This page in:

FEATURE STORY

Improving Public Transport in Chinese Cities: Elements of an Action Plan

August 14, 2012

Public transport can be a cost-effective and efficient alternative to individual private modes for accessing urban opportunities. In addition, public transport provides a variety of benefits that private automobile transportation cannot: the efficient use of urban space, fewer traffic fatalities, and a reduction in the harmful effects of urban air pollution. This is no less true today than it was in decades past.

What has changed in recent years is that the climate change imperative has further strengthened the attractiveness of public transportation. At reasonable levels of vehicle loading, a bus or metro system can provide far more energy- and carbon-efficient transportation than the average car, per passenger kilometer.

This is the basic argument that supports public transport as an element of a low-carbon city platform—a public transport system can move more people more efficiently and with fewer negative externalities than a private transport system can. However, individual citizens with the freedom to choose their own mode of transport will usually not seek to maximize global environmental benefits. Rather, they will choose a mode that maximizes comfort, reliability, speed, convenience, and cost.

On most of these dimensions, cars are an optimum choice for many commuters; and for reasons of status and function it is common that as incomes rise, those with financial means switch to cars. Chinese cities are currently following this pattern, and rapid economic development has led to a boom in car ownership.

The only public transport alternative for most people is a bus service steadily degraded by ever-increasing traffic congestion. Not surprisingly, for those with a choice, public transport is rarely competitive, and an overwhelming majority of public transport users in Chinese cities today are “captive” users with few alternatives.

However, as economic development continues, today’s captive riders will have choices tomorrow—and only a high-quality system will be able to keep them from choosing individual transportation alternatives. Ultimately, the goal is to provide public transport of quality that not only satisfies the needs of today’s captive users, but also attracts customers away from cars and taxis. Such a public transport system that has the capability to attract customers from private automobiles is often a necessary political prerequisite for cities to consider restrictions on auto use.

All urban strategies for low-carbon growth will require a large share of passenger traffic to be carried by an upgraded public transport system, even as increasing income levels make auto use a viable choice for increasing numbers of people. Naturally, the definition of “upgraded public transport” will vary based on the context; a commuter in Shanghai has different expectations (and the city has different resources) than a commuter in a small city. For this reason, the appropriate program for public transport improvement will vary over time for any given place and will depend on the context.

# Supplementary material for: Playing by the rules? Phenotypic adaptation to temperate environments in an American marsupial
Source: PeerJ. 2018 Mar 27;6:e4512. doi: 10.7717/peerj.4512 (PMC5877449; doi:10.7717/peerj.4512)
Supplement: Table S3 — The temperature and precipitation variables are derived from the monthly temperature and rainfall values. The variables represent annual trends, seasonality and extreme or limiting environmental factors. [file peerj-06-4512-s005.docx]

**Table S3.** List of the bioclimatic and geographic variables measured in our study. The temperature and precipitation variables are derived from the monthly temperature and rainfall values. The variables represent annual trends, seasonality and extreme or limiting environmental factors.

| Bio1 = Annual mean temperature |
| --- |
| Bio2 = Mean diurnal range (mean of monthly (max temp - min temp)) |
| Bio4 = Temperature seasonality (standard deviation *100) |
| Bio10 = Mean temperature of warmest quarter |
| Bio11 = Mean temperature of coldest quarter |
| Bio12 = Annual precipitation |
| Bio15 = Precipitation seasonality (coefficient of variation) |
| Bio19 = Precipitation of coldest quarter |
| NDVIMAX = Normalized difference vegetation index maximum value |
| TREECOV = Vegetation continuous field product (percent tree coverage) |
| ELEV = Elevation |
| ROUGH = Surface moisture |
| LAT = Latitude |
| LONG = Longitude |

The national government and urban public transport. In the first two decades after 1977, China’s national government was not much involved in the urban transport sector, considering it a local issue best left to local municipalities. At the highest levels, these policies have begun to change.

In October 2005, a State Council decision declared that urban public transport development should be a national priority. Subsequently, particularly after the responsibility for urban public transport was given to the newly formed Ministry of Transport in 2007, the national government has been actively looking to define its role in this sector.

The current focus is to both (i) define a national policy toward public transport and (ii) review issues related to subsidies and institutions. These developments are timely and will work well to support urban transport and low-carbon developments.

The above graph summarizes the key elements of an action plan that a city could put in place to improve the quality of their urban public transport in a manner that would also lower the total carbon footprint of their transport system. Look for more information: Chapter 11 of Sustainable Low Carbon City book has summarized the range of measures a Chinese city can take to improve the quality and competitiveness of its public transport system.

While solutions are often context-specific and every city will need to find ways to improve public transport based on detailed local needs and conditions, there are broad similarities in the strategies that almost all cities will benefit from following. The following “three-integrations” summarize the key focus areas and challenges facing Chinese cities as they work to develop public transport systems that would support a low-carbon economy:

  • Developing customer-oriented services: Modern customer-oriented public transport enterprises can attract users of choice. This will require greater attention to the details of bus and rail transfer facilities, as well as the creation of premium services and a customer-oriented mentality.
  • Integrating schedules and fares across modes and services: Although the use of multi-modal smartcards is common, bus interchange facilities that help passengers change modes or services are systematically underused. In addition, fare policies are rarely designed to facilitate intermodal fare transfers. Integrated bus and rail services, schedules, and fares will contribute greatly to improved services for passengers.
  • Integrating land use with transport planning: It is increasingly evident that even the most effective systems of public transport cannot be competitive if they are not carefully integrated with land use planning and design.